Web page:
Mily moved out of her mother’s way as Aunt Elaeagnus arrived on the front stoop, giftbags hanging from her forearms and carrying four lidded glass dishes that smelled like dinner. Mily sidestepped outside to avoid further crowding the foyer, thinking she could buy a few seconds more to listen while Bird helped Elaeanus with all the food into the dining room.
Mily!! Your mom wants you!
Huffing and rushing to clear the flashback fog, Mily heeded E’s warning and hurried inside the house, skipping into the connected kitchen-and-dining room where Bird was waiting for her to do something she couldn’t discern… Mily’s cheeks burned as she realized she had heard Bird call for her four or five times, but she’d been preoccupied trying to overhear what Dog was saying to the stranger outside. Bird might’ve said what she needed her daughter to do, but Mily must have missed it, and now she had to admit it. Her ears were blazing and she was so furious with the clairs for getting her lost in her own thoughts again that she grit her teeth and h e l d h e r b r e a t h , shrieking silently for a few seconds till she summoned enough gumption to look Bird in the eye and ask, “What did you say, Mom?”
“I asked if you could please help Aunt Elae set the table for nine?” Bird reiterated, pecking her consonants so they’d stick in her daughter’s ears.
“Who else is coming?” Esa asked as she and E followed Mily’s trail into the kitchen-and-dining room. Mily sighed quietly and went to fetch the nice cloth napkins and silverware from the china cabinet. The cabinet was stationed in a small corner alcove beside a sliding glass door leading to the back deck. Grabbing a fistful of folded napkins and as many spoons as she could carry in one hand, Mily pinged, Eyani.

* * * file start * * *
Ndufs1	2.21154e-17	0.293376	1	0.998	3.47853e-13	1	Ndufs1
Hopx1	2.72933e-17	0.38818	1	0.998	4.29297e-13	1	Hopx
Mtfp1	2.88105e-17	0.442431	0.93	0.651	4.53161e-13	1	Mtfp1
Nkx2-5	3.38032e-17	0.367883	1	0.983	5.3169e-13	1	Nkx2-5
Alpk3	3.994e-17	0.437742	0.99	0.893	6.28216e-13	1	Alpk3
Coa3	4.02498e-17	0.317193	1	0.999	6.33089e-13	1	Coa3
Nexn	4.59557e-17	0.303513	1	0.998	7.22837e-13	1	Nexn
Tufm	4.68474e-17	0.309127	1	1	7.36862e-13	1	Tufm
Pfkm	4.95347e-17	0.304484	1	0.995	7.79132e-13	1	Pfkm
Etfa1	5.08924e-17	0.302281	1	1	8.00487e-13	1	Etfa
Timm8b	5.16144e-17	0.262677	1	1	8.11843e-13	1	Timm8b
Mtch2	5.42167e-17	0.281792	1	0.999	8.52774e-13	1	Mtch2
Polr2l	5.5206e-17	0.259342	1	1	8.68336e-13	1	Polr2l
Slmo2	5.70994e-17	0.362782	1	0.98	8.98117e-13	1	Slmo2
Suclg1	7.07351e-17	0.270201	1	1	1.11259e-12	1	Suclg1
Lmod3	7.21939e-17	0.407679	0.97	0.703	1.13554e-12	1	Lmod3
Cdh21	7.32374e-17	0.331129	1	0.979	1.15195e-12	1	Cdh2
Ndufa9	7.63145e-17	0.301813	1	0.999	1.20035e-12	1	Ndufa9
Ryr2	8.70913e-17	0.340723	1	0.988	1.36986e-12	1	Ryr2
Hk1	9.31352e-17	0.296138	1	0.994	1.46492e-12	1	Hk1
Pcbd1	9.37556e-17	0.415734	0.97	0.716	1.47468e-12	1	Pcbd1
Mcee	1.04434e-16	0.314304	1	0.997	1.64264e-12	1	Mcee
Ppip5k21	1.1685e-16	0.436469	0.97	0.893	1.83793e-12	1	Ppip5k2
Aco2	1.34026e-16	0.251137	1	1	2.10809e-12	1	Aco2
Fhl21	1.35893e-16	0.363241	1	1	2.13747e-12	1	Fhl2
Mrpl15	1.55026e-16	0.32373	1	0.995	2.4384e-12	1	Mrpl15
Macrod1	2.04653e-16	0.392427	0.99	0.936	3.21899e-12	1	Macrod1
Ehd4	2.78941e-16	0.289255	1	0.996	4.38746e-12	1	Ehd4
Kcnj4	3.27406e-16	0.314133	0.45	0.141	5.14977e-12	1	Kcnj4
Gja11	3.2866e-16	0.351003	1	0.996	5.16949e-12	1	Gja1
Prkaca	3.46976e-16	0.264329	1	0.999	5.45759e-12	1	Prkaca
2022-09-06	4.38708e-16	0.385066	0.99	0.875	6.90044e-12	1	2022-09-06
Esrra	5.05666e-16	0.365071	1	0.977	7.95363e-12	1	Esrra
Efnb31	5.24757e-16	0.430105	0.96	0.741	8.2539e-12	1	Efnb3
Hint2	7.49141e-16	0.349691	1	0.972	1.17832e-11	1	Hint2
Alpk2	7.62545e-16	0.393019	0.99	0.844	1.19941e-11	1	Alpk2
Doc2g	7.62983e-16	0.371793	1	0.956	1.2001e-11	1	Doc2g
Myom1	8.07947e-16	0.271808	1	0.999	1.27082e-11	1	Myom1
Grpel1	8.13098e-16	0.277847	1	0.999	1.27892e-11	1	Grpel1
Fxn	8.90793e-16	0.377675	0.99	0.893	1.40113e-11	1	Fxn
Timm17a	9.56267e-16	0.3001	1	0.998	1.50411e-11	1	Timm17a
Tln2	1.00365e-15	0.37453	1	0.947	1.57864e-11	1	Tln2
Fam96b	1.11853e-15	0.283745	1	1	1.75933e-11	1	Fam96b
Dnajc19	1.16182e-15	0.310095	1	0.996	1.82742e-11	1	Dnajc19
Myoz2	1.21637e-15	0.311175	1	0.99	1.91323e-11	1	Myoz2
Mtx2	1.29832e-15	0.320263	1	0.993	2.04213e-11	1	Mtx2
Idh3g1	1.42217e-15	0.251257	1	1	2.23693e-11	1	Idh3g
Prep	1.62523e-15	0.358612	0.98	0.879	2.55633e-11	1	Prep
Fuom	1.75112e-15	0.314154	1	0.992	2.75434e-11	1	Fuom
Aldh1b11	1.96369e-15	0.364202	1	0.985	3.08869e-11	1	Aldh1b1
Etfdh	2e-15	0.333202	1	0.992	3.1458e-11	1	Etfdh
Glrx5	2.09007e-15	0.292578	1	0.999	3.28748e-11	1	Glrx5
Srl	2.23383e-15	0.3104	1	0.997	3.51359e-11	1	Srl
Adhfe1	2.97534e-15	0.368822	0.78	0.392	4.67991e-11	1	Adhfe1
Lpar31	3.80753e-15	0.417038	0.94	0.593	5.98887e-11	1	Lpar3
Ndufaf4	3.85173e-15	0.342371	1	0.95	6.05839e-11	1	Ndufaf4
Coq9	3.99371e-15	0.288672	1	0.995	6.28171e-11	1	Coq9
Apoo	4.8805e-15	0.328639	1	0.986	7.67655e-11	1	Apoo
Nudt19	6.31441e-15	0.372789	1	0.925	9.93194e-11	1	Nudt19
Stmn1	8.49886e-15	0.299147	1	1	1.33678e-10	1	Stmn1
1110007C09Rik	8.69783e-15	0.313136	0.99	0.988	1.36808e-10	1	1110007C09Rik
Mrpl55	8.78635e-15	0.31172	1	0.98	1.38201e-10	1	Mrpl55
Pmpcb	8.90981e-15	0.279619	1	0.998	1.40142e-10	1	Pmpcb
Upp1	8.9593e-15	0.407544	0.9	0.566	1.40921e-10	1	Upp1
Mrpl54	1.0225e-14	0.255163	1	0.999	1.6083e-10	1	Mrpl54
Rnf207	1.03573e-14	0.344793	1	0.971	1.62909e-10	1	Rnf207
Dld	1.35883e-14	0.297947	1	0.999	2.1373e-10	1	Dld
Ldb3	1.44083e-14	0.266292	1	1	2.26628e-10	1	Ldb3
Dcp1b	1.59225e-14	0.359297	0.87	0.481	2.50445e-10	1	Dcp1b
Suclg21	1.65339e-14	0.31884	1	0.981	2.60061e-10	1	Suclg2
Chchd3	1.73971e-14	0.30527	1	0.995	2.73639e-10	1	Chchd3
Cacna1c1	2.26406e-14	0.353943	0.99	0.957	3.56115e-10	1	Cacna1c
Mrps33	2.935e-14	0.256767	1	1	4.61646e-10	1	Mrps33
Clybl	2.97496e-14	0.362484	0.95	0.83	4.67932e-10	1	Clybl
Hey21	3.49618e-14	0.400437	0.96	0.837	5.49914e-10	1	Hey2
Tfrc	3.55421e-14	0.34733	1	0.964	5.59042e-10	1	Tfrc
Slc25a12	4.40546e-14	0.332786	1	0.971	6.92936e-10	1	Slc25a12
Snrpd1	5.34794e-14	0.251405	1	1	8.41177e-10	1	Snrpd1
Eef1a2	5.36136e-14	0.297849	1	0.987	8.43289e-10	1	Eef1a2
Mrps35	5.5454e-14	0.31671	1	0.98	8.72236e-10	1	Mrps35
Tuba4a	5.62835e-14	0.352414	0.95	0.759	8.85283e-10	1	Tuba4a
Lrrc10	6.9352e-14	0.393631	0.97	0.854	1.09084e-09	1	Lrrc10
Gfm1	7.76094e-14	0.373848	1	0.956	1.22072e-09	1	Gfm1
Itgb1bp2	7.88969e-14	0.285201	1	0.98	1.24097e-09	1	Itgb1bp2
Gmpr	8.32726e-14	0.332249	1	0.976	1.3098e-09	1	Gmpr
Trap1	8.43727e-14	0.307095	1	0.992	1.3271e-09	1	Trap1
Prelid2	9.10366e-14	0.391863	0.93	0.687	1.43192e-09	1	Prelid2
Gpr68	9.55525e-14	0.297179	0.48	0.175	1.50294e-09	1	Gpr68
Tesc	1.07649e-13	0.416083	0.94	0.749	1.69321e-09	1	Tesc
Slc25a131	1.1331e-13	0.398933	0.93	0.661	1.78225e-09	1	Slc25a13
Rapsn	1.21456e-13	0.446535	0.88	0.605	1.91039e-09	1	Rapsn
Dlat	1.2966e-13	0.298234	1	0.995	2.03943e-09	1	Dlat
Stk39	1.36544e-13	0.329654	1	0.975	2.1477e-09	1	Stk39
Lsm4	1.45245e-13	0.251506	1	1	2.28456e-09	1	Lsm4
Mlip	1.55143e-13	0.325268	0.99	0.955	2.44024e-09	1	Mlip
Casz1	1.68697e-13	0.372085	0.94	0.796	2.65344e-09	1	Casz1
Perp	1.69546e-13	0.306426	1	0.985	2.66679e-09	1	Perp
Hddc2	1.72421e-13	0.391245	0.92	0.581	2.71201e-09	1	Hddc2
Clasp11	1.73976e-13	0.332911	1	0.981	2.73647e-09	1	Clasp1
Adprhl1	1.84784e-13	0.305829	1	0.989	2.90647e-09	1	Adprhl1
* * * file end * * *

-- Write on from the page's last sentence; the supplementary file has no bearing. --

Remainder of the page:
I think that guy outside might crash your birthday dinner.
“Is it whoever’s talking to Uncle Dog outside?” E asked at once.
Aunt Elae smiled at Bird and said, “If you can follow suit…”
“You’ve got to follow suit,” Bird finished, shrugging. Mily found both her mother’s tone and demeanor odd. What’s that supposed to mean? she asked E, who must have relayed her confusion to Esa because she looked right at her with bug-eyes and high-brows that mirrored Mily’s own sense of ambiguity.
“Huh?” said all three kids together.
“Dad has a face now, remember Mily?” Will said, out from upstairs bedroom for the first time all afternoon. He cropped up between Eyani and Esa (who were both a bit taller than Will already, despite the two-year age difference) and squeezed them tight around the shoulders. “Happy birthday, you two.”
“What’s that supposed to mean?” Mily demanded as the twins were saying thanks. Her ears were starting to ring and a frustrated knot was tightening in her forehead, which meant the clairs were growing impatient. Quit being so nosy, she told them, but more to convince herself that they (not Mily) were being busy-bodies than truly disapproving.
“It means that your dad has more responsibilities now that he’s a Jack,” Bird answered while lifting a stack of porcelain plates from a kitchen cabinet. “And evidently subject to housecalls,” she added in an undertone to Elaeagnus, whose lips puckered like she might giggle.
Mily wasn’t satisfied with that answer, but she reminded herself that she was supposed to be setting the table and set to work. First she swept around the long rectangle table and dropped a napkin and cutlery at each place setting. Then she unburdened Bird of her stack of plates before she could lay a single one on the maple tabletop.